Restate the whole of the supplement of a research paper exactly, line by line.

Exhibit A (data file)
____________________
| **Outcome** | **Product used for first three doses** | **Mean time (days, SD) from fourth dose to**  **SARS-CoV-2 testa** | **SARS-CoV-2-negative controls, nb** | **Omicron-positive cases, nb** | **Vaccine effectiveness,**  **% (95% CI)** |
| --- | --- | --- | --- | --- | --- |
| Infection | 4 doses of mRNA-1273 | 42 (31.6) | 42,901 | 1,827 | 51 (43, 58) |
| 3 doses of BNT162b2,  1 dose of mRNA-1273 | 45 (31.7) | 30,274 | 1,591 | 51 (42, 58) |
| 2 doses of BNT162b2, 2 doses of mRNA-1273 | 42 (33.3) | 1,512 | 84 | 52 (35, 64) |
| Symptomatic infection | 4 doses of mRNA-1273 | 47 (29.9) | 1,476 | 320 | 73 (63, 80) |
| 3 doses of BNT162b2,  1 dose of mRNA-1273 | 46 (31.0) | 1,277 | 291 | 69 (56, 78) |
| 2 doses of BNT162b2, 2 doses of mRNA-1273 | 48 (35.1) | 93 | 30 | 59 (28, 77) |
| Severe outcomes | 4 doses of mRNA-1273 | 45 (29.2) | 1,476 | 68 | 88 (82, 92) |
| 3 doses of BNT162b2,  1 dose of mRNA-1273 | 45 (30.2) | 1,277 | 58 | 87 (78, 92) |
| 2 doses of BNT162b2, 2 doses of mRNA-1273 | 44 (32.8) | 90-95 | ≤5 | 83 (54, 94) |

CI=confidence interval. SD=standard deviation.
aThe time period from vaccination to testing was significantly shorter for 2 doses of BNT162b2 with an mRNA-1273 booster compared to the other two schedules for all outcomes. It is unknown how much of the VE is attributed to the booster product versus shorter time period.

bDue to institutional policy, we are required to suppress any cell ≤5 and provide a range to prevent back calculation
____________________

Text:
| **Outcome** | **Product used for first three doses** | **Mean time (days, SD) from fourth dose to**  **SARS-CoV-2 testa** | **SARS-CoV-2-negative controls, nb** | **Omicron-positive cases, nb** | **Vaccine effectiveness,**  **% (95% CI)** |
| --- | --- | --- | --- | --- | --- |
| Infection | 4 doses of mRNA-1273 | 42 (31.6) | 42,901 | 1,827 | 51 (43, 58) |
| 3 doses of BNT162b2,  1 dose of mRNA-1273 | 45 (31.7) | 30,274 | 1,591 | 51 (42, 58) |
| 2 doses of BNT162b2, 2 doses of mRNA-1273 | 42 (33.3) | 1,512 | 84 | 52 (35, 64) |
| Symptomatic infection | 4 doses of mRNA-1273 | 47 (29.9) | 1,476 | 320 | 73 (63, 80) |
| 3 doses of BNT162b2,  1 dose of mRNA-1273 | 46 (31.0) | 1,277 | 291 | 69 (56, 78) |
| 2 doses of BNT162b2, 2 doses of mRNA-1273 | 48 (35.1) | 93 | 30 | 59 (28, 77) |
| Severe outcomes | 4 doses of mRNA-1273 | 45 (29.2) | 1,476 | 68 | 88 (82, 92) |
| 3 doses of BNT162b2,  1 dose of mRNA-1273 | 45 (30.2) | 1,277 | 58 | 87 (78, 92) |
| 2 doses of BNT162b2, 2 doses of mRNA-1273 | 44 (32.8) | 90-95 | ≤5 | 83 (54, 94) |

CI=confidence interval. SD=standard deviation.
aThe time period from vaccination to testing was significantly shorter for 2 doses of BNT162b2 with an mRNA-1273 booster compared to the other two schedules for all outcomes. It is unknown how much of the VE is attributed to the booster product versus shorter time period.

bDue to institutional policy, we are required to suppress any cell ≤5 and provide a range to prevent back calculation